To Detect Insider Threats, Give Your Employees Channels to Report Them

On September 21st 2001, senior analyst for the Defense Intelligence Agency (DIA) Ana Belén Montes was arrested and charged with conspiracy to commit espionage against the United States for the government of Cuba. Prosecutors alleged that her clandestine activities were directly responsible for an attack on U.S Army forces in El Salvador which led to the death of Sgt. Gregory A. Fronius. In 2002, Montes pleaded guilty to the charges and was sentenced to prison for 25 years.

In the aftermath of Montes’ conviction, many of her colleagues were shocked – during her time at the DIA, she had earned the reputation for being dependable, trustworthy, and exceptional at her job. But not everyone was surprised: in a video interview published by the Cybersecurity & infrastructure Security Agency (CISA), former DIA Chief of Staff Louis Andre stated: “Everybody felt the same way about her: good analyst, but there’s something wrong here.”

Since Montes had aroused the suspicion of her colleagues, why did it take more than 15 years for her activities to be noticed? Andre had an answer for that question: “nobody – including myself – wanted to go to security and say ‘you know, you really ought to take a look at her.’” Unfortunately, incidents like this happen every day, and your organization could be next.

Why Insider Threats Go Unreported

Insider threats remain a top risk to government agencies and contractors. Over the past ten years, the scale of that risk has steadily increased, driving renewed vigilance from the government. It has been a key motivation behind the development of continuous evaluation (CE), updates to NISPOM, DISS, and ongoing initiatives in the DCSA.

But most investigations in the aftermath of an insider threat event reveal a disturbing pattern: insider threats rarely go unnoticed. In fact, it almost always turns out that someone working alongside the threat actor notices unusual behaviors and harbors suspicions while failing to report them. CISA’s video interview gives us insights as to why:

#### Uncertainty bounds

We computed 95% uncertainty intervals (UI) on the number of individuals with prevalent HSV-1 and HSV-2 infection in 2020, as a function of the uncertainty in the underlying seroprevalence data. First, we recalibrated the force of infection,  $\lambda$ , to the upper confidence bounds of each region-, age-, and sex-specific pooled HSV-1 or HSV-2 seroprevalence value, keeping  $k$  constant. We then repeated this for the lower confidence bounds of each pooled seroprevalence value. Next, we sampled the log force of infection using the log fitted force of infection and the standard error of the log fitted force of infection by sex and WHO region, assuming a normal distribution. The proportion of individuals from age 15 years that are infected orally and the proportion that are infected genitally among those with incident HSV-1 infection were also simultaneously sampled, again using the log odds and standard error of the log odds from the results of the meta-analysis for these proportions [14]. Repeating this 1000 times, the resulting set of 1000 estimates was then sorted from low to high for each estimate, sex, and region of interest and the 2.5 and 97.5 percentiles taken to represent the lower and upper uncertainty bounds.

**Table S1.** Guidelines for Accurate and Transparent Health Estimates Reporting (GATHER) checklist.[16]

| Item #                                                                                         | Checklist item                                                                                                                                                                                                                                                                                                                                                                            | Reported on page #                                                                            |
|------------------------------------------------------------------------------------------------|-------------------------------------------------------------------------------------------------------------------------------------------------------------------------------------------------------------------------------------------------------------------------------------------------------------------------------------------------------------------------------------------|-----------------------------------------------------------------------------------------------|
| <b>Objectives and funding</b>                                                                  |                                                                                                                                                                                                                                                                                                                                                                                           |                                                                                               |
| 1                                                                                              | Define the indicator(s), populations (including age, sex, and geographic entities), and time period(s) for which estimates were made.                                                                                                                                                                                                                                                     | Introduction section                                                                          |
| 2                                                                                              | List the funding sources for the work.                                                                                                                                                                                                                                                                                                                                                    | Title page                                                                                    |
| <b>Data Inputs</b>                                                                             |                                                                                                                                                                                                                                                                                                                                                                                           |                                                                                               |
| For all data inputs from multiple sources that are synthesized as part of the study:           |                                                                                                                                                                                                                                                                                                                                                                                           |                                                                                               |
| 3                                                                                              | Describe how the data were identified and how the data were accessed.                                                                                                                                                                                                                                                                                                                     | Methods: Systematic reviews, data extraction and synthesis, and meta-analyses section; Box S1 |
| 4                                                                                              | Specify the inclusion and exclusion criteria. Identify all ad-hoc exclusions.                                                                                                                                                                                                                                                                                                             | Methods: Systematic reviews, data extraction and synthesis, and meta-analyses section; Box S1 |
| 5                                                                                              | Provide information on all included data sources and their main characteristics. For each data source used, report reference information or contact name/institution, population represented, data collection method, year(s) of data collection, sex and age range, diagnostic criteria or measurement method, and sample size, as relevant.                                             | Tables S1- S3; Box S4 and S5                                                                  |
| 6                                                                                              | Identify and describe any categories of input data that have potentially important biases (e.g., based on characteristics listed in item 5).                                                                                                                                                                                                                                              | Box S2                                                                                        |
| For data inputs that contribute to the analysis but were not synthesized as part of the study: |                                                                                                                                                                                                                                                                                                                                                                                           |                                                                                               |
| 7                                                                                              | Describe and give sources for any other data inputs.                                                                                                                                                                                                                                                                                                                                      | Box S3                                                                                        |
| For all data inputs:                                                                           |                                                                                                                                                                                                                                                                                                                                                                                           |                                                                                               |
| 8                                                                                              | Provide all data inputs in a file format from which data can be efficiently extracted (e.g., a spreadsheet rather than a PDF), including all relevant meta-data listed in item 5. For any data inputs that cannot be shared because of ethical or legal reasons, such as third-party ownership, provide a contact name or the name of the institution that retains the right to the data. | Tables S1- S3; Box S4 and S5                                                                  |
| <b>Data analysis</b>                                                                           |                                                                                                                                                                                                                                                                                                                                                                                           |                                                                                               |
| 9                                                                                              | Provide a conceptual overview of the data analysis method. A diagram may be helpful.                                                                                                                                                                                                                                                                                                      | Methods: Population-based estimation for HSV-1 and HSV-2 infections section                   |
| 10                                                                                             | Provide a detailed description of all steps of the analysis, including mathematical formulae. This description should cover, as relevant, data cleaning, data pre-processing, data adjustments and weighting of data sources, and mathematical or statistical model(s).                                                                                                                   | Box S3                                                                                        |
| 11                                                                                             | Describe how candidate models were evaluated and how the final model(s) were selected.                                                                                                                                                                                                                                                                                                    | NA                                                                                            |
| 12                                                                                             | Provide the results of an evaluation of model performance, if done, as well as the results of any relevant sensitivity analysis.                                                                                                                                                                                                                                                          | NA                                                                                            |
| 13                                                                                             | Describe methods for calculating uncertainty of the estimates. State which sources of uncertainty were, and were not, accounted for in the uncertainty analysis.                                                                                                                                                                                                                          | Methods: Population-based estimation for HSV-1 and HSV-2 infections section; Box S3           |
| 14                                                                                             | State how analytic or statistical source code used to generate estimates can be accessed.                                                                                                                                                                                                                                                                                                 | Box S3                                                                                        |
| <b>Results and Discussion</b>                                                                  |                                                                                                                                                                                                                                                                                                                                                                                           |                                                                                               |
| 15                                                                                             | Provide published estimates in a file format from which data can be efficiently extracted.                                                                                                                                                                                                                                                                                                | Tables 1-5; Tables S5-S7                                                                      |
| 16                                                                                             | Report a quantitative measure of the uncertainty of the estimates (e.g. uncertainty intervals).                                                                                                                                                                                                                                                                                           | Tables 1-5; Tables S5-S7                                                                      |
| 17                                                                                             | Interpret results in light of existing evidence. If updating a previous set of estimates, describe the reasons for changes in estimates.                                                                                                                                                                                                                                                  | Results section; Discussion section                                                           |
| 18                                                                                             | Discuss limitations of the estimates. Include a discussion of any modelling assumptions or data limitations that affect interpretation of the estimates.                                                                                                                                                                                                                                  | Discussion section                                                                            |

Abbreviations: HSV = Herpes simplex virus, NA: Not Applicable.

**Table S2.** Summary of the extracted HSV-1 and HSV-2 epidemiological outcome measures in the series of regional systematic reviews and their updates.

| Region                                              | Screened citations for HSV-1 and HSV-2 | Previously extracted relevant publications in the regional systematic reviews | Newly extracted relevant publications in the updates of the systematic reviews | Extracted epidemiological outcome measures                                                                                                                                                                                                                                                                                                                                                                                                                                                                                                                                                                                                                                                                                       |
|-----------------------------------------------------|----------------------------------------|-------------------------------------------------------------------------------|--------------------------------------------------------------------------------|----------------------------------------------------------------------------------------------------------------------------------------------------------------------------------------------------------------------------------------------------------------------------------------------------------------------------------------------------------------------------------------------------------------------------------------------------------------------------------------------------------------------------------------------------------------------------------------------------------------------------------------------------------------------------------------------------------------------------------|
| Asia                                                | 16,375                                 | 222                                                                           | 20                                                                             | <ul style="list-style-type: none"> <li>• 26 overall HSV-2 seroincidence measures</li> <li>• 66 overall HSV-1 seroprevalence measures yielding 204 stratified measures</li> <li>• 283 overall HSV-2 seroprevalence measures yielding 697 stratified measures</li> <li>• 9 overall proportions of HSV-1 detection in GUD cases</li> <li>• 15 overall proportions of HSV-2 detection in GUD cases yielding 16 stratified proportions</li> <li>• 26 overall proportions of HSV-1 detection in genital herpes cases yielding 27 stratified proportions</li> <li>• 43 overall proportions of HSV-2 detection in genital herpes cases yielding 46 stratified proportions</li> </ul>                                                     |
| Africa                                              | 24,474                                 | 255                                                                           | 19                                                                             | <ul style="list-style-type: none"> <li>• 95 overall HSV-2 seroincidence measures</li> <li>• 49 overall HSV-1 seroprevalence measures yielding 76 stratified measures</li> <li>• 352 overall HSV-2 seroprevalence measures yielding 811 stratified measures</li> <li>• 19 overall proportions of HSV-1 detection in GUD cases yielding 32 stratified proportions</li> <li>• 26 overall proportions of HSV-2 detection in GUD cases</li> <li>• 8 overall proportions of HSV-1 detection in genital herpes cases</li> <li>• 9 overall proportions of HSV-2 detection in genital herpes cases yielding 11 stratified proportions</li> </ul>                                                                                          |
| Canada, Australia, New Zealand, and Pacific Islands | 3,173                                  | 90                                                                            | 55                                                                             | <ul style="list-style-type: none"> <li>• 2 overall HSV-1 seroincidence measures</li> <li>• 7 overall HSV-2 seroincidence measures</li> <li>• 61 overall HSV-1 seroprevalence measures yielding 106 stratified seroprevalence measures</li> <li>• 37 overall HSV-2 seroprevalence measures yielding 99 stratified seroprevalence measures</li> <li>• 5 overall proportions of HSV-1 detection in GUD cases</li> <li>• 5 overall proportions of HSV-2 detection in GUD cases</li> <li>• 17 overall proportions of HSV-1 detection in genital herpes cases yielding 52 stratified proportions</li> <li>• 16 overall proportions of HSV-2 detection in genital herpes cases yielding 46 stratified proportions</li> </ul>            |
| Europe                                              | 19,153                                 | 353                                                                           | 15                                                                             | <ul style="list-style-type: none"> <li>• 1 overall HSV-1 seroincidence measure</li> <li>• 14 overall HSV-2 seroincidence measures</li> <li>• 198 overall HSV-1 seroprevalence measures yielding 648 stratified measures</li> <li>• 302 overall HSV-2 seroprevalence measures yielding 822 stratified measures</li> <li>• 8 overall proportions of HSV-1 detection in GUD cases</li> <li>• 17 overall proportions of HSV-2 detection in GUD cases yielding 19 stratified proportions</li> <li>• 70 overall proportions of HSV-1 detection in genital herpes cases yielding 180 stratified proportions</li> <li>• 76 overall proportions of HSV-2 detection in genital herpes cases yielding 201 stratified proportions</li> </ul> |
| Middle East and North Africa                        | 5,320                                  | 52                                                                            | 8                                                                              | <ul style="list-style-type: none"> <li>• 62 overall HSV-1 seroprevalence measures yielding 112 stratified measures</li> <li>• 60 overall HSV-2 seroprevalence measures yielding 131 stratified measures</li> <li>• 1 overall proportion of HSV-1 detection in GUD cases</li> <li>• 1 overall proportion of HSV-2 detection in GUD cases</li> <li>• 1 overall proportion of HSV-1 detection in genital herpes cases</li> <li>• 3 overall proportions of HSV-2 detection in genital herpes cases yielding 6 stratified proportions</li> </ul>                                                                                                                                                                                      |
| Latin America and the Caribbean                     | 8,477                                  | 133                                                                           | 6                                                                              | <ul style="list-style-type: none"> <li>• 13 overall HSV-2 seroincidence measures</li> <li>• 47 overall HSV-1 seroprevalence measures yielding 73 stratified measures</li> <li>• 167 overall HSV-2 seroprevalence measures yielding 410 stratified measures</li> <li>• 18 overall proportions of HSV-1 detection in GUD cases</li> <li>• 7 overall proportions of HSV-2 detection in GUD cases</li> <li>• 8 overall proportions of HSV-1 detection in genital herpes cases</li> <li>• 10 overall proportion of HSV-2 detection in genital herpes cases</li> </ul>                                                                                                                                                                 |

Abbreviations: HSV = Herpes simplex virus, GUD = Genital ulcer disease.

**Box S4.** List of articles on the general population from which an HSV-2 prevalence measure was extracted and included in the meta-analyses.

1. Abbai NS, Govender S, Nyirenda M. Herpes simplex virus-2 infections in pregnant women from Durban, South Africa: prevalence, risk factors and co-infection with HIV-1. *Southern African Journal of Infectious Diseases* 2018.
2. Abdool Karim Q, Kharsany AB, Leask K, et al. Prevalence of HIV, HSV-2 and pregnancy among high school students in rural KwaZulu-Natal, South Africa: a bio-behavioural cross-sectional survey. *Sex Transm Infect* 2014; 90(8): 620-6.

1. No one wants to tell: an aversion to “snitching” is engrained in most Americans from childhood. Cleared personnel do not want to get their colleagues in trouble, especially when they cannot prove that anything is amiss.
  2. Reflexive denial: when cleared personnel notice something suspicious, they often doubt their own perceptions. They think “it couldn’t happen here,” and refuse to believe the worst about their colleagues. Ultimately, they talk themselves out of saying anything.
  3. Lacking the big picture: in isolation, indicators of an insider threat may not seem very serious until they are connected with other indicators that form a more complete picture. When multiple individuals keep what they have noticed to themselves, no one gets a chance to connect the dots until it is too late.

In short, those who are in the best position to expose an insider threat will often stay silent unless they are motivated to speak up. FSOs and other security officers, therefore, have an obligation to help their employees understand the signs of an insider threat, emphasize the importance of reporting everything, and provide them with the channels to do so.

Signs of Insider Threats

In order to detect an insider threat, cleared employees and FSOs need to establish a clear sense of “normal,” both for the organization as a whole and for their colleagues as individuals. CISA offers the following questions:

  • What is an employee’s normal work schedule?
  • What physical locations do they generally access?
  • Normal communications/interactions with internal/external entities?
  • Normal IT system and electronic file access protocols?
  • Normal network/VPN activity?

Since the baseline for normal behavior varies between persons and organizations, establishing that baseline requires a concerted effort to raise awareness and pay attention.

Maladaptive Behaviors

Maladaptive behaviors encompass signals – ranging from subtle to obvious – that indicate something is “wrong” with an employee. Either they are not adjusting to their workplace, or something is wrong with their personal lives: